Seventy-two thousand Americans are homozygous for the sickle cell gene and 2 million are carriers. The gene offers protection against malaria but can be a cause of chronic pain and early death. Life expectancy is 48 years for females. Some people with sickle cell anemia live into their 60s and beyond. The purpose of this article is to review and summarize evidence from clinical, translational, and epidemiologic studies that have examined the clinically relevant aspects of sickle cell anemia as it relates to the female patient. Studies were identified through a MEDLINE search for articles in English between the years 1966 and 2005. References from identified reports were also used to identify additional articles. Women with sickle cell disease experience multiple complications. These complications can affect each and every organ system and are often worse in pregnant women. Progestins, hydroxyurea, and bone marrow transplant appear to ameliorate sickle cell anemia. Other therapies being evaluated include those that increase fetal hemoglobin concentration and prevent dehydration of the sickle red blood cells. More than one third of pregnancies in women with sickle syndromes terminate in abortion, stillbirth, or neonatal death. Recently, a number of genes modifying the clinical severity of sickle cell anemia have been identified. Sickle anemia is associated with immense suffering and multisystemic complications. In addition to the now-established therapy with hydroxyurea and bone marrow transplants, there are multiple investigational treatments that offer the hope of extending life expectancy while diminishing associated morbidities. Whether any of these new agents are safe in pregnancy has yet to be determined.
Obstetricians & Gynecologists, Family Physicians
After completion of this article, the reader should be able to summarize the multiple complications that women with sickle cell anemia (SCA) endure, explain that many of the complications worsen during pregnancy and increase the risk of an adverse pregnancy outcome, and state that there are treatment modalities that extend life and diminish morbidities.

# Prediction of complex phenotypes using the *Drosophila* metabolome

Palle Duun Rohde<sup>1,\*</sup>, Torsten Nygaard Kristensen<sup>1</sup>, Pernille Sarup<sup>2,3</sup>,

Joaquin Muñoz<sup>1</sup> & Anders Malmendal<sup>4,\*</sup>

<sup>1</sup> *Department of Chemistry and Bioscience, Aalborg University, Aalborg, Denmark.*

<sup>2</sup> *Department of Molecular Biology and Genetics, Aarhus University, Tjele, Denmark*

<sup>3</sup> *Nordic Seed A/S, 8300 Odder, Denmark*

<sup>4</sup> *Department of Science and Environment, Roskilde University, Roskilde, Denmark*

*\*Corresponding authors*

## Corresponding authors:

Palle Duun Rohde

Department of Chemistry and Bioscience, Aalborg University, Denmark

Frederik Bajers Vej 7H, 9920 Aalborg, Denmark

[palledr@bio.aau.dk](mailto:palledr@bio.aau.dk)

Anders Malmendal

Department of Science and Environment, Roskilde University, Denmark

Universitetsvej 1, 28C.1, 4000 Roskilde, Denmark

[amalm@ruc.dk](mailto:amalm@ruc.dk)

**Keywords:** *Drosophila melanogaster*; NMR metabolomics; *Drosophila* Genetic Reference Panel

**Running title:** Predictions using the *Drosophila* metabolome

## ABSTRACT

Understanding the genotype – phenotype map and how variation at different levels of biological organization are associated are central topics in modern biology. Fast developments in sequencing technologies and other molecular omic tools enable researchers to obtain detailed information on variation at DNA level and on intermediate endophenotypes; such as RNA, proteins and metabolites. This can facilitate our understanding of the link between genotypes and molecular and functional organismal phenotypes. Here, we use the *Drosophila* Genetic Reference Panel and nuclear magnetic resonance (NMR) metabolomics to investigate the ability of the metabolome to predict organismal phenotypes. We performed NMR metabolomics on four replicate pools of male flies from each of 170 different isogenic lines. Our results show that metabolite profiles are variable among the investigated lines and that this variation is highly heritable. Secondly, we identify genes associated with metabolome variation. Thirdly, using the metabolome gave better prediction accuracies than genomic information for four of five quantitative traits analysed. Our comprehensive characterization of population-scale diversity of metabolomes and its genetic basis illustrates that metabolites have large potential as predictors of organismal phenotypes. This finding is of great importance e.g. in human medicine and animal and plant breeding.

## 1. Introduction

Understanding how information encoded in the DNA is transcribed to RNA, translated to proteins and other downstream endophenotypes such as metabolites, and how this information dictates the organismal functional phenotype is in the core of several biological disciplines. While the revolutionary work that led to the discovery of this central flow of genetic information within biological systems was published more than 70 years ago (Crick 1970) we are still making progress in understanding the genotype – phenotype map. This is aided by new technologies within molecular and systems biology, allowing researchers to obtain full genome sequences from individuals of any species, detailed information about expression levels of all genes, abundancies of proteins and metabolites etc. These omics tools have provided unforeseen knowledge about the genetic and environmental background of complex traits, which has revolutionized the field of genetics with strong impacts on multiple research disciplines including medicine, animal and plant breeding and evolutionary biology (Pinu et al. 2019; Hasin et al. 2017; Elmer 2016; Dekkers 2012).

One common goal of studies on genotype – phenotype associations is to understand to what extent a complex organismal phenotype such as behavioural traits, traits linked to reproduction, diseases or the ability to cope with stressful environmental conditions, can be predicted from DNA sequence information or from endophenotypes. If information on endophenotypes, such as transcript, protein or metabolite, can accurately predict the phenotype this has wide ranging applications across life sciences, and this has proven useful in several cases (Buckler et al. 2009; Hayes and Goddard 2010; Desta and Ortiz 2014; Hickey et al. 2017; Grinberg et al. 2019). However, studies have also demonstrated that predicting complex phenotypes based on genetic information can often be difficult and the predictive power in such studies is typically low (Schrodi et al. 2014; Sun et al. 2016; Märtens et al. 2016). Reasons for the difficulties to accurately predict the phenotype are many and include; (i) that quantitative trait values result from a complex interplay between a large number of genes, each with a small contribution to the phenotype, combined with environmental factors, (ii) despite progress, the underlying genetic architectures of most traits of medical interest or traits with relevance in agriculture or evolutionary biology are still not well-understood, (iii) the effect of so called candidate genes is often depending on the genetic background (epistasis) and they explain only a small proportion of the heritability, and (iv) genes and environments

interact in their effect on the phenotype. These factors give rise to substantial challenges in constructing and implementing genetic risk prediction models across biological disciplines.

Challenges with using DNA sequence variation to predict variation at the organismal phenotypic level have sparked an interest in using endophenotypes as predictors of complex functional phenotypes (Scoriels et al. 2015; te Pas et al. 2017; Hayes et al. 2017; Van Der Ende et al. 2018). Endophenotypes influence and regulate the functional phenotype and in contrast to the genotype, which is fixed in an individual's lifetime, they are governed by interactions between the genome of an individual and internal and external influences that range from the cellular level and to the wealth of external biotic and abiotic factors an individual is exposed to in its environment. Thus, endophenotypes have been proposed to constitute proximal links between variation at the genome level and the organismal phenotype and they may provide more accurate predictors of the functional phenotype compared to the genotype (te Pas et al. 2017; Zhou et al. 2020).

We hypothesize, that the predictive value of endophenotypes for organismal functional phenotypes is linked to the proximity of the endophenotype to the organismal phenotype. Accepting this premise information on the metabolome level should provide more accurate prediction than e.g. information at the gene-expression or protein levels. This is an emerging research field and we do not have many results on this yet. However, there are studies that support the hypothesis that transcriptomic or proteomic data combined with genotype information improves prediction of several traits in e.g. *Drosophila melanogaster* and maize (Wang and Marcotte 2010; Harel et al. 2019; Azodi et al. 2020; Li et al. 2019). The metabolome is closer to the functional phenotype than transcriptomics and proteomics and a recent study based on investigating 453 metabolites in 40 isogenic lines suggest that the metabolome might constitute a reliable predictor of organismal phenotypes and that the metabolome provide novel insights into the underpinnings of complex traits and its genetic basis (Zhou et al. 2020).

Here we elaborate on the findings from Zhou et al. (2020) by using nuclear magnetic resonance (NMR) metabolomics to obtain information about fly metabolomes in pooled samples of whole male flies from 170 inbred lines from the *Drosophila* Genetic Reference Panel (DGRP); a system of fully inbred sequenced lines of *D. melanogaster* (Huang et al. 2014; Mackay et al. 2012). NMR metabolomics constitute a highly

*Resident Physician, Department of Obstetrics and Gynecology, University of Miami–Jackson Memorial Hospital, Miami, Florida; †Associate Professor and ‡Assistant Professor, Department of Obstetrics and Gynecology, Division of Maternal–Fetal Medicine, and §Assistant Professor, Department of Medicine, Division of Hematology/Oncology, University of Miami, Miami, Florida
Chief Editor’s Note: This article is part of a series of continuing education activities in this Journal through which a total of 36 AMA/PRA category 1 credit hours can be earned in 2006. Instructions for how CME credits can be earned appear on the last page of the Table of Contents.
The authors have disclosed that they have no financial relationships with or interests in any commercial companies pertaining to this educational activity.
Lippincott Continuing Medical Education Institute, Inc. has identified and resolved all faculty conflicts of interest regarding this educational activity.
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